2. (Believe it or not, Clinton has not been asked in a general election debate yet about the U.S. ambassador and three other Americans killed in a 2012 attack in the Libyan city of Benghazi while she was secretary of state. This question is likely to come in the form of an attack from Trump, who is bringing the mother of one of the Americans killed that night to Wednesday’s debate.)
Trump has repeatedly tried to pin the attacks on Clinton. But the facts don’t support that.
Even House Democrats have acknowledged that security measures in Benghazi leading up to the attack were “woefully inadequate.” But an 800-page, House Republican report released in June after a two-year investigation into the attacks didn’t find any specific wrongdoing by Clinton, nor evidence that she deliberately misled the American people about what had happened. The report instead points to the CIA and military officials as failing to recognize the danger in Libya, and delays in coming to the rescue of embassy officials.
That said: The image of a grieving mother who blames Clinton would make for a tricky dynamic for the former secretary of state as she addresses questions about the incident.
3. Was there any attempt by State Department officials to change the level of classification of the emails you sent and received on your private email server while secretary of state?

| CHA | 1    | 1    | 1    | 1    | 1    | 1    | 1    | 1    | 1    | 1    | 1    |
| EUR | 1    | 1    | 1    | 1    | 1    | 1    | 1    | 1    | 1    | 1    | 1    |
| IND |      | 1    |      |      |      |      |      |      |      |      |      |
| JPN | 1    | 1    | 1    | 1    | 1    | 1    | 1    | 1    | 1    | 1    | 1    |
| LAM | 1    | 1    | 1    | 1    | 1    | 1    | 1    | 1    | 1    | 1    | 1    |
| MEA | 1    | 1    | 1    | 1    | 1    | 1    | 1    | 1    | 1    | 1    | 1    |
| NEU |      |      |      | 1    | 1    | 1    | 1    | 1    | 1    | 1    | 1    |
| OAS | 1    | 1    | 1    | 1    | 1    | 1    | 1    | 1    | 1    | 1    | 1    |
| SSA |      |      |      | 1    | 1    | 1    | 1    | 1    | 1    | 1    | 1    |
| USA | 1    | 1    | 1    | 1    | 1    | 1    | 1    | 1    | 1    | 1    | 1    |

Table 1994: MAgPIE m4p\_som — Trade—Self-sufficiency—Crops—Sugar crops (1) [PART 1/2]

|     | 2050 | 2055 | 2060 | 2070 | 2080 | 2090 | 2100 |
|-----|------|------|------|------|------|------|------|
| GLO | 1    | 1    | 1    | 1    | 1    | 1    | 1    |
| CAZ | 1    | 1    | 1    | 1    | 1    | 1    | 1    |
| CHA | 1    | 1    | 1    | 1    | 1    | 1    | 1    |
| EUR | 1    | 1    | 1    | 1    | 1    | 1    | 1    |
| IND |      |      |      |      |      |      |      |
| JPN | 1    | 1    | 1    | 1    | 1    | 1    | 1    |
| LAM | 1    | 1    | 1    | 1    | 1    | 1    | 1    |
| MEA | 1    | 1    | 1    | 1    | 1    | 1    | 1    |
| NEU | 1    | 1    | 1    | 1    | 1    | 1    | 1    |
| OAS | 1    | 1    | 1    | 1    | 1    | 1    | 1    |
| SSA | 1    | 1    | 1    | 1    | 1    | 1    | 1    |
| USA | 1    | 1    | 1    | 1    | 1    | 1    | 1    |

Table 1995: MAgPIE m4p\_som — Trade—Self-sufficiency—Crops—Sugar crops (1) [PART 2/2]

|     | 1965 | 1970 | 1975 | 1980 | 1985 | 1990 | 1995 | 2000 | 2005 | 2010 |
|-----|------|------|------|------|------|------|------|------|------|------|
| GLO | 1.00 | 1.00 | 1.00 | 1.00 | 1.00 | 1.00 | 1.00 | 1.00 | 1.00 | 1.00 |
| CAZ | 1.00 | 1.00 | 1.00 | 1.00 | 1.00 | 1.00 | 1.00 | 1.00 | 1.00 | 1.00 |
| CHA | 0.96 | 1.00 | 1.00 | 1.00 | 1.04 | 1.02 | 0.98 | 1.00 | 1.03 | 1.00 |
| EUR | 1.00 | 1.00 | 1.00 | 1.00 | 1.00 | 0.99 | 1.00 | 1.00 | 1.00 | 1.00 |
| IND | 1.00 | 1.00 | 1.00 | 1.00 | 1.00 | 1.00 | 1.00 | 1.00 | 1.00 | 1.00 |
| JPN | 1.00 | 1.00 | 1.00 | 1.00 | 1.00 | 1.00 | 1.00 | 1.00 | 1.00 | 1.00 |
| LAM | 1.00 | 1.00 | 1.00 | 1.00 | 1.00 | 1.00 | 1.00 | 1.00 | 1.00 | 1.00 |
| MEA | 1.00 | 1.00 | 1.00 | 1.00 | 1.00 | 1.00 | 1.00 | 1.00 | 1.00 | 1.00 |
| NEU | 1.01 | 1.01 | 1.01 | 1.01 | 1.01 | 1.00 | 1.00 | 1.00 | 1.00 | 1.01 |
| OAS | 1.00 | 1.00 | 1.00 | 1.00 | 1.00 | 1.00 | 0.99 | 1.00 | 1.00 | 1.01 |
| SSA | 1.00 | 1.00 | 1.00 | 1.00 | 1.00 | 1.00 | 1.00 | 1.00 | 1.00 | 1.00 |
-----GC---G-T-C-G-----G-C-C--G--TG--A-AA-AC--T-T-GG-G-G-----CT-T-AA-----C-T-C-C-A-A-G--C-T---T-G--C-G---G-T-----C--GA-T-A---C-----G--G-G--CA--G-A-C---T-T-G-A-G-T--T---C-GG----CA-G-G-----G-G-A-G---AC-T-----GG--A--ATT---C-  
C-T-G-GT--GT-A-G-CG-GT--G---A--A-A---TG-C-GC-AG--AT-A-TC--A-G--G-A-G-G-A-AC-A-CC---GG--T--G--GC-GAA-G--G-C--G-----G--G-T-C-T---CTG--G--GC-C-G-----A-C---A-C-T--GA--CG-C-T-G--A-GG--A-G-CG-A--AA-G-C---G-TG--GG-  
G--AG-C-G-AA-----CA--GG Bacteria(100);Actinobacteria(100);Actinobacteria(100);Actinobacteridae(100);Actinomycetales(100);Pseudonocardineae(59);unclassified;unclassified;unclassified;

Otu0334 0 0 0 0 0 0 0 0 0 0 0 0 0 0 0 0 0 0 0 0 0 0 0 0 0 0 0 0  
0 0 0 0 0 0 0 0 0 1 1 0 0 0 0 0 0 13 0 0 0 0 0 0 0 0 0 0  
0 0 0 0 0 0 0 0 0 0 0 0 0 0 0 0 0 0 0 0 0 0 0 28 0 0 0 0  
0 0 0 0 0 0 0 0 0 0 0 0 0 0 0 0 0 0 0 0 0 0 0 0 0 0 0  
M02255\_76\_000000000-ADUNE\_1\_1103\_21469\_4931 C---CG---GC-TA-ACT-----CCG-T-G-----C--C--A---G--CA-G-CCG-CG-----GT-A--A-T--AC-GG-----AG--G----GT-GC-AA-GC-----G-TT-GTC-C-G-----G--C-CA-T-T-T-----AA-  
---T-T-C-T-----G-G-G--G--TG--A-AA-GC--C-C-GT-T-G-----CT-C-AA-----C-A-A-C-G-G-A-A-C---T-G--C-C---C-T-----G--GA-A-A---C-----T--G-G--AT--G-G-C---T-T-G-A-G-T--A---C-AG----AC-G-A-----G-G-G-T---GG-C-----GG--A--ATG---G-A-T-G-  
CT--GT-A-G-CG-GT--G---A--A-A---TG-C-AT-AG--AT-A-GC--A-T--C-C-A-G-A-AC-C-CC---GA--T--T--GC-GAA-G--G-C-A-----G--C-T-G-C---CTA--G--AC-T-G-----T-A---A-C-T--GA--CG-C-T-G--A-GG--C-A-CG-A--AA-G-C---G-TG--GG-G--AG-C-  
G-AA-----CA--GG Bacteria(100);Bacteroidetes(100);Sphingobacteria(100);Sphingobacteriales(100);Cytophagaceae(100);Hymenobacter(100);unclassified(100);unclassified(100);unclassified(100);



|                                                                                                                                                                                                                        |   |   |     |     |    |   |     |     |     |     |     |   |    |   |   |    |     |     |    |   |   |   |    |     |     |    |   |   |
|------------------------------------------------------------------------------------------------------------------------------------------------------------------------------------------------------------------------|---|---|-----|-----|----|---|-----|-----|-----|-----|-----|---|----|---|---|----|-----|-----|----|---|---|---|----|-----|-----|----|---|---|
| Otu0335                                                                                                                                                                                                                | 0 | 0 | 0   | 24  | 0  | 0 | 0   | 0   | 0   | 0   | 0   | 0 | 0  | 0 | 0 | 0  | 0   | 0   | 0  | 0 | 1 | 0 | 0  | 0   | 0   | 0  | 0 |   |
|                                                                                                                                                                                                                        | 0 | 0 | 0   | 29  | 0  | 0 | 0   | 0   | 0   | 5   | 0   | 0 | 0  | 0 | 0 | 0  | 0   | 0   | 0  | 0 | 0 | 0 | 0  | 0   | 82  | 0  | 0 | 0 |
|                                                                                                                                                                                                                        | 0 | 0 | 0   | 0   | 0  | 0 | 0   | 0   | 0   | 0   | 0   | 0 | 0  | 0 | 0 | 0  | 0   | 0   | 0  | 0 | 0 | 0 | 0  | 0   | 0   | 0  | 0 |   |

We already know that the FBI has said Clinton was “extremely careless” about how she treated classified information (a characterization Clinton has disputed.)
Then this week, the FBI released emails suggesting there was at least one attempt by a top State Department official to get the FBI to change the classification rating on one of Clinton’s emails. Even more potentially damning, the exchange suggests the staffer was also considering helping out the FBI by giving the bureau more access in Iraq.
That staffer, Patrick Kennedy, has said his motivations in changing the email classification weren’t political, and there’s zero indication that he was acting on Clinton’s behalf. The FBI and State Department have denied any quid pro quo. Still, the story has thrust Clinton’s other email problems back into the spotlight in a big way.
1. Elections experts — and even your own campaign manager — say the presidential election won’t be “rigged.” Political scientists add that talking about the vote in these terms is dangerous for democracy, and maybe even for voters themselves. What evidence do you have that the election this year — much of it overseen by Republican officials — is anything but free and fair? And if you don’t have any, isn’t it irresponsible to make these claims?
Background: In America, you’re more likely to get struck by lightning than face a fraudulent election, experts say. That’s because rigging an election would require widespread collusion of both major parties, at every step in the process. And all this supposed rigging would have to be done in the open, because elections are held in public places such as schools and churches and watched by trained bipartisan officials. The Post’s Sari Horwitz has more.